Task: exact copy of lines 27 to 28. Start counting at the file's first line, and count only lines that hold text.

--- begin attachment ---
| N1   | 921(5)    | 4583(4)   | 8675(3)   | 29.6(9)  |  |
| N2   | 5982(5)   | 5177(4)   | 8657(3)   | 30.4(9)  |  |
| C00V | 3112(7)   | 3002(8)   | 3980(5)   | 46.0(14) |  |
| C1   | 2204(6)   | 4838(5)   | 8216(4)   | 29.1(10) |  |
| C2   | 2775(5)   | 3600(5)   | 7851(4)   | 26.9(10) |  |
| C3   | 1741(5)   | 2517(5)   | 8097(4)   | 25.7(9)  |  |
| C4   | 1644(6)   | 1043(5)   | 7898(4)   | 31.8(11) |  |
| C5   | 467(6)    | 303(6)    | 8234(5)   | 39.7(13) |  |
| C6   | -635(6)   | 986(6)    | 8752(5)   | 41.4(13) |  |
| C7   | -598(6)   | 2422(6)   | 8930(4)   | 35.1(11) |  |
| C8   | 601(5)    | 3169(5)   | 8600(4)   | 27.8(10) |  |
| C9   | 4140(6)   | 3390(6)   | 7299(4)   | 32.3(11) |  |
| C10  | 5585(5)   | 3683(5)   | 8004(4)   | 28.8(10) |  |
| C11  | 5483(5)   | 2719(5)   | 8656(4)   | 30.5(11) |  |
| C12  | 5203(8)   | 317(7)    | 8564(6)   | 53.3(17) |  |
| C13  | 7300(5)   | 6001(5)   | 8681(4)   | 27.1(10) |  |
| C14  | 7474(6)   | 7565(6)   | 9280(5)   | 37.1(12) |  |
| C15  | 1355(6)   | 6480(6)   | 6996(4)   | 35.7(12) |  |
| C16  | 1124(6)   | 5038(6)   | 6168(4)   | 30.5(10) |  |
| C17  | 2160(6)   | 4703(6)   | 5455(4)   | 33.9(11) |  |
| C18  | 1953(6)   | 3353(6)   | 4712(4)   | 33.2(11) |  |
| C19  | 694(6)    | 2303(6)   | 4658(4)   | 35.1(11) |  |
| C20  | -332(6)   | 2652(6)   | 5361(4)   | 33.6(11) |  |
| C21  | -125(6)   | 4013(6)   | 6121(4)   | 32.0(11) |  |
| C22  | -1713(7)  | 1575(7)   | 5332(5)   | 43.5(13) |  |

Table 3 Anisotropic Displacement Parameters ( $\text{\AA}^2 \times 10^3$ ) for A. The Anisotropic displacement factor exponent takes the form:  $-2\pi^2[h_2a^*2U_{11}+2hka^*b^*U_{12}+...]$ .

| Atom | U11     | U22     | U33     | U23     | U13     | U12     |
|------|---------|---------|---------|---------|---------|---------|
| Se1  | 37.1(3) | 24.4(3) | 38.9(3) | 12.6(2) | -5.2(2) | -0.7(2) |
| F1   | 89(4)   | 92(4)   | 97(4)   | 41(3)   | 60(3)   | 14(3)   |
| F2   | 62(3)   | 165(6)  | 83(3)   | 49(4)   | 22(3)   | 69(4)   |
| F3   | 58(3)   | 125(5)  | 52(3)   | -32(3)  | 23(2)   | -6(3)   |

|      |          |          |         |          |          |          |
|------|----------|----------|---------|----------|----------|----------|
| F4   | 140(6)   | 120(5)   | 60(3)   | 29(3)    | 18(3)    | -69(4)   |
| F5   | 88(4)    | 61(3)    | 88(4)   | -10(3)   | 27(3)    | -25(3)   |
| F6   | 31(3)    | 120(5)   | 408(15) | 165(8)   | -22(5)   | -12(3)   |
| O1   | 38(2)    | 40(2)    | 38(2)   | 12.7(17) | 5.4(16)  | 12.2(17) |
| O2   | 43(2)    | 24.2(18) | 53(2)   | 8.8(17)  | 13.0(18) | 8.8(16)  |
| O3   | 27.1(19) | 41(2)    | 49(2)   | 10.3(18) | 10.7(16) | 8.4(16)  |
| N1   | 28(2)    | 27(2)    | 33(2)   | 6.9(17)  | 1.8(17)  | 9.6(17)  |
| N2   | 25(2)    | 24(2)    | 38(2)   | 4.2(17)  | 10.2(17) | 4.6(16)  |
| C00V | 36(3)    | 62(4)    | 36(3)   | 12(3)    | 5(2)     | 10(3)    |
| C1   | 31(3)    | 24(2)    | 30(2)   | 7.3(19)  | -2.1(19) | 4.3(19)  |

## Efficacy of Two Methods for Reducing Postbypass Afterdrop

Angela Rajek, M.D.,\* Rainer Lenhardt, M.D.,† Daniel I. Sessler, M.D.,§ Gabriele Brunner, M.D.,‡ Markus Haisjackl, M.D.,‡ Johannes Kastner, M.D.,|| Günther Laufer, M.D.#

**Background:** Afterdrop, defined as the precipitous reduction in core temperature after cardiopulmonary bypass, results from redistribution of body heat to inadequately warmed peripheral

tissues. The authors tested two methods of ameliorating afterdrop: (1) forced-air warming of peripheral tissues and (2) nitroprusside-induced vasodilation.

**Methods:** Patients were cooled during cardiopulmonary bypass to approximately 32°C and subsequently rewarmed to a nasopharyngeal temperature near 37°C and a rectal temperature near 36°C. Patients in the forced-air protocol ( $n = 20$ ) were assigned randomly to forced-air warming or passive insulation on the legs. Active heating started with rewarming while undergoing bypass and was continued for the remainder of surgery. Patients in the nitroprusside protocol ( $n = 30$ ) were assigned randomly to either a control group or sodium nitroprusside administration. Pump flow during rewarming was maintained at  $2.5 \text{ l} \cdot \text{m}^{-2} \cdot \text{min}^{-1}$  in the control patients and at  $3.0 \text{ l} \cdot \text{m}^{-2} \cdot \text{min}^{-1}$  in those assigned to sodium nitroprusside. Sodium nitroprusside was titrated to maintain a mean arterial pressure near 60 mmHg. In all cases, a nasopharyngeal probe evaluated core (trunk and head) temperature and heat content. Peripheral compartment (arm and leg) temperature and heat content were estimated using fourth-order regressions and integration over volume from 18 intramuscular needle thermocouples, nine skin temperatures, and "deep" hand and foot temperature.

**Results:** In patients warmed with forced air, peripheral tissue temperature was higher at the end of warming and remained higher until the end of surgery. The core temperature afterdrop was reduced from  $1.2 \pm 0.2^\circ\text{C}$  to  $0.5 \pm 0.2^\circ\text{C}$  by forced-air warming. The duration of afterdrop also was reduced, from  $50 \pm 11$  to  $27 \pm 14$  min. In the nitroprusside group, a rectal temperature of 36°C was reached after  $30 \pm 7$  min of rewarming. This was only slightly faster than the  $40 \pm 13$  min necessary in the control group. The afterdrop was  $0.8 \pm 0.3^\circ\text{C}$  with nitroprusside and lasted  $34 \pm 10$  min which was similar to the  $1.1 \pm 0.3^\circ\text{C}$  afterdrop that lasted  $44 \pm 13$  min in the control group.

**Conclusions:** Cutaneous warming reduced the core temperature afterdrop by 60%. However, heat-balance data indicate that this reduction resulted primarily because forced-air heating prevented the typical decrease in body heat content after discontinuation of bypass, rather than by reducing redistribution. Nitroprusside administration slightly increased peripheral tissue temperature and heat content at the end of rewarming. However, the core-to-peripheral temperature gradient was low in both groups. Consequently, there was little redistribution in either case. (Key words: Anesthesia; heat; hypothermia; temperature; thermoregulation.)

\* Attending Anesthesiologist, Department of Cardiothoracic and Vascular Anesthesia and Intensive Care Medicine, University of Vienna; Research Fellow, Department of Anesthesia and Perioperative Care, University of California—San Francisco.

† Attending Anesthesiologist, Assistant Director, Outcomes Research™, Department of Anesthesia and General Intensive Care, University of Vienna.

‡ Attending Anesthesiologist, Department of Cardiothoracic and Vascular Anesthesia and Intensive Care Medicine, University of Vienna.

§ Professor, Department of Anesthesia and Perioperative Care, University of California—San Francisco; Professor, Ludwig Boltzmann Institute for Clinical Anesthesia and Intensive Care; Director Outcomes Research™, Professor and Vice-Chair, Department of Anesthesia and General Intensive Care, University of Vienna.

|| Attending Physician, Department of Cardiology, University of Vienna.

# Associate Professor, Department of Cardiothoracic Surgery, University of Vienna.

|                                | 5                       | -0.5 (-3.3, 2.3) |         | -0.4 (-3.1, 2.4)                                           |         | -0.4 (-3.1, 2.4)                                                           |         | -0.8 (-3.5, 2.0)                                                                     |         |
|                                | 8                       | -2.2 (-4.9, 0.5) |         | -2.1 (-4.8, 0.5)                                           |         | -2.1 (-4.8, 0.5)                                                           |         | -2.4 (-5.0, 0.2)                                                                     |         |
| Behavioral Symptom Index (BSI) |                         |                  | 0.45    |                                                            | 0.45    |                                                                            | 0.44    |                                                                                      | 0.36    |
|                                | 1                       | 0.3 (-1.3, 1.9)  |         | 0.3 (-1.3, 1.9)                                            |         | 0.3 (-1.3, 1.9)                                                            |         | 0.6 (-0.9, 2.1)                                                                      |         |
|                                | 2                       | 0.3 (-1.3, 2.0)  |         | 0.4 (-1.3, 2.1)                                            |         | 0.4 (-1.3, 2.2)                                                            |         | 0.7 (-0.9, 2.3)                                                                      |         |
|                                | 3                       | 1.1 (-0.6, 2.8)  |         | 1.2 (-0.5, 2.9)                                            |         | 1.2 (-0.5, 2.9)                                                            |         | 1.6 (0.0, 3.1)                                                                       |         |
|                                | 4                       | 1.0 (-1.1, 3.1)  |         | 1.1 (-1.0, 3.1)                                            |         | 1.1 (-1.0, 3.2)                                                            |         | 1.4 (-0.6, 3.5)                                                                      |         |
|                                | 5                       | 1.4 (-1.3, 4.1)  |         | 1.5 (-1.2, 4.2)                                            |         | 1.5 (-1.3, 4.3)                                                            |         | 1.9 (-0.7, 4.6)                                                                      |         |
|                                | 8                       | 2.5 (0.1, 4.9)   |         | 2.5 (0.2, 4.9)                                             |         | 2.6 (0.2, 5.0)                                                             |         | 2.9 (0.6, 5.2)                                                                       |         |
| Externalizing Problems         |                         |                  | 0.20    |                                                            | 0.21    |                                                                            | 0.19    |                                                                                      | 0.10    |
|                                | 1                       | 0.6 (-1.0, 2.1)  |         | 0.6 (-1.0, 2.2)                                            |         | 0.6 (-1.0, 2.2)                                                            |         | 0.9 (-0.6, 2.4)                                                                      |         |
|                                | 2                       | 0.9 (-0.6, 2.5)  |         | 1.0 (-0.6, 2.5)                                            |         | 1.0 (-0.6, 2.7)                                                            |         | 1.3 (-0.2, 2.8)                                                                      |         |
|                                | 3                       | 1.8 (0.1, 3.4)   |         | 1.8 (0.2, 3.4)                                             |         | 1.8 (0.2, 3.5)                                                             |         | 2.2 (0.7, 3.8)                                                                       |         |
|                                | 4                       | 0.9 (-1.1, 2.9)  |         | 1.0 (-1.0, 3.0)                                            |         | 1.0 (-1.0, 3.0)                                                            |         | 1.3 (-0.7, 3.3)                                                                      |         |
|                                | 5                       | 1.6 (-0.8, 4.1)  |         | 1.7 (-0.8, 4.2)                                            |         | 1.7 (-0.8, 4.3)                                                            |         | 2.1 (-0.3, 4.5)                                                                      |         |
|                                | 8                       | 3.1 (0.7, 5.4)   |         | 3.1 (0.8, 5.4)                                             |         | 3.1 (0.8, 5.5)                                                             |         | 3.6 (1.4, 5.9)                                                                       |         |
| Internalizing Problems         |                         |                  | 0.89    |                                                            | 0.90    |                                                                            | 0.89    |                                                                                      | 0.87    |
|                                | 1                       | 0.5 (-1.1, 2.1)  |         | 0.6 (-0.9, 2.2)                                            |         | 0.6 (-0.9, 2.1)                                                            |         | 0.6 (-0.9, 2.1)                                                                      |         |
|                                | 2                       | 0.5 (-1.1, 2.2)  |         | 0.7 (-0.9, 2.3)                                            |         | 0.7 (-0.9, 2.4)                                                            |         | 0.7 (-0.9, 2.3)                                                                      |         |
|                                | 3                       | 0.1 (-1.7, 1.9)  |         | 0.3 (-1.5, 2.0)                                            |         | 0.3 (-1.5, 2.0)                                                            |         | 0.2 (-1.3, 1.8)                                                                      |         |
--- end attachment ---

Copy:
| Atom | U11     | U22     | U33     | U23     | U13     | U12     |
|------|---------|---------|---------|---------|---------|---------|